Realizing how important this engagement and feedback was also made me realize that my feedback to my own community is important.

That is why I am voting in this election. 

What matters to me

The issue that matters to me the most in this election is the young voices of Hamilton not being heard. I realize some of my peers don’t feel the same way, even though I think their voices matter, too.

During a recent school day in Orchard Park, as my friends wandered through the halls rushing for lunch, I went out to discuss with five of my peers who are or will be eligible to vote in the upcoming years about their views on voting and elections.

Four of them expressed their disinterest in politics and said they are opting to “vote for who their parents or relatives are voting for” in the future. The other friend was still unsure of whether to vote or not.

By not caring about our community and who will end up running it, we are not allowing ourselves to fully distinguish between different political candidates, what they bring to the table and what they plan to bring for the future.

Encouraging my fellow classmates and friends that are eligible to vote is an action that I have slowly started to do, as there is no harm in voting. Allowing the youth to have a voice within our community is powerful, and it is what I stand for when I look to vote in the upcoming municipal election.

This year’s municipal election is Oct. 24. (Colin Cote-Paulette)

I encourage all voters, new or experienced, to use voting as a tool to empower our voices for what we think is most important to us for our city. Hard-working candidates are relying on our feedback for the betterment of our community, so our duty as part of the community is to give our honest feedback. That way, they can continue doing what they strive for — and our priorities will be heard.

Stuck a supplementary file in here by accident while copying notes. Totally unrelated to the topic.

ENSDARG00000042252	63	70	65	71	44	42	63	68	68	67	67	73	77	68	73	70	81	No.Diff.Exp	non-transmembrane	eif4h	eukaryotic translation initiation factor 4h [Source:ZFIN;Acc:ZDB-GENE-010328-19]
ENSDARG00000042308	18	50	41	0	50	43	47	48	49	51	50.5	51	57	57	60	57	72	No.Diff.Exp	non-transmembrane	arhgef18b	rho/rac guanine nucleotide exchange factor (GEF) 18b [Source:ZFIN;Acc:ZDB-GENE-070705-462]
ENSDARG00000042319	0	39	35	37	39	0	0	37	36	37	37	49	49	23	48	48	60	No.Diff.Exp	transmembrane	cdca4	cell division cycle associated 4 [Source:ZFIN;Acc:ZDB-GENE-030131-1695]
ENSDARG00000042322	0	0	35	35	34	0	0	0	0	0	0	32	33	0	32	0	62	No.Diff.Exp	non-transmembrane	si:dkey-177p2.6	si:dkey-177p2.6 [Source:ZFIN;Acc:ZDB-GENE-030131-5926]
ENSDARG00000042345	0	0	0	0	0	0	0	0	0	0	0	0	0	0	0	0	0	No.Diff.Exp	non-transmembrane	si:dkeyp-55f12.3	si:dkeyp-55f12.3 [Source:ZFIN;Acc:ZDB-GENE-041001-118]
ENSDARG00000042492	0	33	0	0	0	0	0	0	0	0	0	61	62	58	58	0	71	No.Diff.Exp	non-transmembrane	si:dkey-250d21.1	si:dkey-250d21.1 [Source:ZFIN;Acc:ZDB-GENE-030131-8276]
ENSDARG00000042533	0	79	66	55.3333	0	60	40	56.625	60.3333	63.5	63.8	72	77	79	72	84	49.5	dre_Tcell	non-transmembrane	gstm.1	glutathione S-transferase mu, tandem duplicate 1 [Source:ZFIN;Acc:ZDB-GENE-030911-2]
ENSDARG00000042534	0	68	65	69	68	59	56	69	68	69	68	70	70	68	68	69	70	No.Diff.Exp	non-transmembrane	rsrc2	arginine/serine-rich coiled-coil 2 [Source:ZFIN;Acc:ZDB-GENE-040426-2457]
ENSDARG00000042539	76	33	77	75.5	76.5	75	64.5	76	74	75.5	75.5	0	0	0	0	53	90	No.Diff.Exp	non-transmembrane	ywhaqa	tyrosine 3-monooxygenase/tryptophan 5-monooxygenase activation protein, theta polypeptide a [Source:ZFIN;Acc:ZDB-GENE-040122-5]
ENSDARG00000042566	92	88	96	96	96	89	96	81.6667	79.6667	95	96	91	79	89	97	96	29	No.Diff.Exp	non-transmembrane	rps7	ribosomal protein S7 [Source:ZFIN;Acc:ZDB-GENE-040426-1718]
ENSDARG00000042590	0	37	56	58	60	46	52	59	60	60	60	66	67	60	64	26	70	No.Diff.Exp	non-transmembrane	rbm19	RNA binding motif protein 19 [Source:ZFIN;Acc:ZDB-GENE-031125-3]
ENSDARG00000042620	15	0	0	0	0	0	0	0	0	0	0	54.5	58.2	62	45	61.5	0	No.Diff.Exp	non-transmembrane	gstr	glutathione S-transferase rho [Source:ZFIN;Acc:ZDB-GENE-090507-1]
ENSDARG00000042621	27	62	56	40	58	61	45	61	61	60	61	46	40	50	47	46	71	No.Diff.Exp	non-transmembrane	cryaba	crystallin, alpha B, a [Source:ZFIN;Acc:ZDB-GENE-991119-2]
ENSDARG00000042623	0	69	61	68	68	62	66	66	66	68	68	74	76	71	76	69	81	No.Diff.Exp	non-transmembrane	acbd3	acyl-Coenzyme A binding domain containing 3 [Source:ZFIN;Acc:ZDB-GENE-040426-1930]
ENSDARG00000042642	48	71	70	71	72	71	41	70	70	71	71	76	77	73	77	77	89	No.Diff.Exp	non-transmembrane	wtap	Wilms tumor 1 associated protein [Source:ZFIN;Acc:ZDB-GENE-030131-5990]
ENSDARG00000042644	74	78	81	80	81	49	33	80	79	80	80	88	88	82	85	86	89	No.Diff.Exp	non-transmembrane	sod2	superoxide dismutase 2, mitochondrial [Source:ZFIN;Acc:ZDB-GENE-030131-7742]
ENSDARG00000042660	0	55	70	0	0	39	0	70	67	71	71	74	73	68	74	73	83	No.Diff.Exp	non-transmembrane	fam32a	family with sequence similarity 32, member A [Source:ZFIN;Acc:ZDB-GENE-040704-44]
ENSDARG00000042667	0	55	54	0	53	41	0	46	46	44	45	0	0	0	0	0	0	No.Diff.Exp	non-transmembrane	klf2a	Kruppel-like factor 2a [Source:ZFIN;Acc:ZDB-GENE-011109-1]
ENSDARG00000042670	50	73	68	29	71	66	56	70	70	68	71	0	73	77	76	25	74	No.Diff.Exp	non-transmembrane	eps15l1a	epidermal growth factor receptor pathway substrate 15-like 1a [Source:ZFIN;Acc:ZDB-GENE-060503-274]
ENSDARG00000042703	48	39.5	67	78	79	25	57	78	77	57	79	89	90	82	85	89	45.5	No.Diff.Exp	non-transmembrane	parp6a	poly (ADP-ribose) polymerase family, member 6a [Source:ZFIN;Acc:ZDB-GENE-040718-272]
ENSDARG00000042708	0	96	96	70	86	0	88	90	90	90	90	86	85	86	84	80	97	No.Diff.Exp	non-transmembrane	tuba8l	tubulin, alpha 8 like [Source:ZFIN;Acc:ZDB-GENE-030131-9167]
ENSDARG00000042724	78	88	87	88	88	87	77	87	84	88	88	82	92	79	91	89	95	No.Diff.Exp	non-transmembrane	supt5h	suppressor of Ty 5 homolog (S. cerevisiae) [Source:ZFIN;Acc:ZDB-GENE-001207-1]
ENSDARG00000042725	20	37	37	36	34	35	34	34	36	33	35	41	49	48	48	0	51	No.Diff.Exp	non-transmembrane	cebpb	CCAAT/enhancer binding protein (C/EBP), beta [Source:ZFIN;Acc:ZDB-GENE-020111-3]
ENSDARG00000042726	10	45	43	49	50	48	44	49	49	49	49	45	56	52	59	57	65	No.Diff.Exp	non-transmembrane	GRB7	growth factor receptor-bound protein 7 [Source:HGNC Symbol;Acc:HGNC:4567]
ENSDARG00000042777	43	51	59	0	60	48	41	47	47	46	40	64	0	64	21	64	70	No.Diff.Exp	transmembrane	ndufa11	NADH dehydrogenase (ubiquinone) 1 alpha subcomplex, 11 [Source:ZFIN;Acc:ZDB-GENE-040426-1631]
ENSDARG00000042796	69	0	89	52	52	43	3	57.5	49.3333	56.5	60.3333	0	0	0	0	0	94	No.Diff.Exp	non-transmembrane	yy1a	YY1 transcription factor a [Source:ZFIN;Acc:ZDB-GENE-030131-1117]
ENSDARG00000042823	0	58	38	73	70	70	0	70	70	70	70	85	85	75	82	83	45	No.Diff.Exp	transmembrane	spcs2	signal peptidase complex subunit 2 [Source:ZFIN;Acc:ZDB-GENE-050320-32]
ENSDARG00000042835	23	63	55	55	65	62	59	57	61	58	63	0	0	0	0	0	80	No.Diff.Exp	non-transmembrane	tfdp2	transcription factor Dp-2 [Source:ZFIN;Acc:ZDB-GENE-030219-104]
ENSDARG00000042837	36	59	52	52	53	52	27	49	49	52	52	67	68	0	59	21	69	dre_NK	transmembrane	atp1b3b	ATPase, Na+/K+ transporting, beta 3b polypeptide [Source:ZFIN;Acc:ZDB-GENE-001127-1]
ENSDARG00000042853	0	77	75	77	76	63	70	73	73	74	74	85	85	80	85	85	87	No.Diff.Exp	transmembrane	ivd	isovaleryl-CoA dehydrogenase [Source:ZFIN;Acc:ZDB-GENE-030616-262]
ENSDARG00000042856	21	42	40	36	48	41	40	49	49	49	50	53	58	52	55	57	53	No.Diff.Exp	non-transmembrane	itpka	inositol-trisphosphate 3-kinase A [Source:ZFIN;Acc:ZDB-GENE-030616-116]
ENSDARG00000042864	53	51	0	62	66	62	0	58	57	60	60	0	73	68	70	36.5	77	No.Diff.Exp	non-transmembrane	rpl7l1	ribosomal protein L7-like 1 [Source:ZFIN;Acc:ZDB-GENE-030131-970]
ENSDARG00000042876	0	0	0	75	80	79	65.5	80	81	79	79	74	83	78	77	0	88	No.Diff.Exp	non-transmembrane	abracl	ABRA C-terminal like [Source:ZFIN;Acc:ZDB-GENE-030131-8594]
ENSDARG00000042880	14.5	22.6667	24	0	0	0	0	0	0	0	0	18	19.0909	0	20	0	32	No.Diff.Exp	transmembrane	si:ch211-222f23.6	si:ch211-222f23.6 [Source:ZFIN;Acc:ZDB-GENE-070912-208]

Our feedback can come in different ways, such as emails, word of mouth, messages on social media or even with a simple vote. I want to use my vote as a way to allow my voice to help create action within the community.

Not only will I vote for my own voice, but for the empowerment of other young voters as well. After all, how do we plan for our city to change for the next generation if we — the young voters — are not giving our honest feedback?

For more of CBC Hamilton’s municipal election coverage:

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COMMENTARY: The ‘freedom convoy’ will keep driving our politics – Global News

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The so-called “freedom convoy” that blocked Parliament Hill and several Canada-U.S. border crossings may have dispersed earlier this year, but it won’t be leaving our political conversation anytime soon. At least, not if opponents of the federal Conservative Party and their new leader, Pierre Poilievre, have anything to say about it.

The most recent polling Ipsos conducted for Global News shows why.

The party most interested in reminding Canadians about ties between the convoy and Pierre Poilievre will be the Liberal Party. Why? The Liberals are in a very difficult spot. They currently trail the Conservatives in the national popular vote by five points. The Conservatives also lead the Liberals in all regions of the country west of Quebec, with a stunning seven-point lead in seat-rich Ontario. With these numbers, if an election were held tomorrow, the Conservatives would easily win a plurality of seats.

It gets worse for the Liberals.

Justin Trudeau trails Pierre Poilievre as preferred prime minister by about the same amount as the Liberal Party trails the Conservative Party on vote. Most worrying for the prime minister is how high his negatives are. Canadians who strongly disapprove of Trudeau outnumber those who strongly approve of him by a ratio of four-to-one. These negatives are also well ahead of those of Poilievre, who remains largely unknown to a significant number of Canadians.

Trudeau’s relationship with Canadians has gone through the full cycle of Ds: darling, to disappointment, to dislike. This situation will be difficult to reverse, even for a gifted politician like Trudeau.

Read more:

Poilievre overtakes Trudeau as leader seen as best choice for prime minister: poll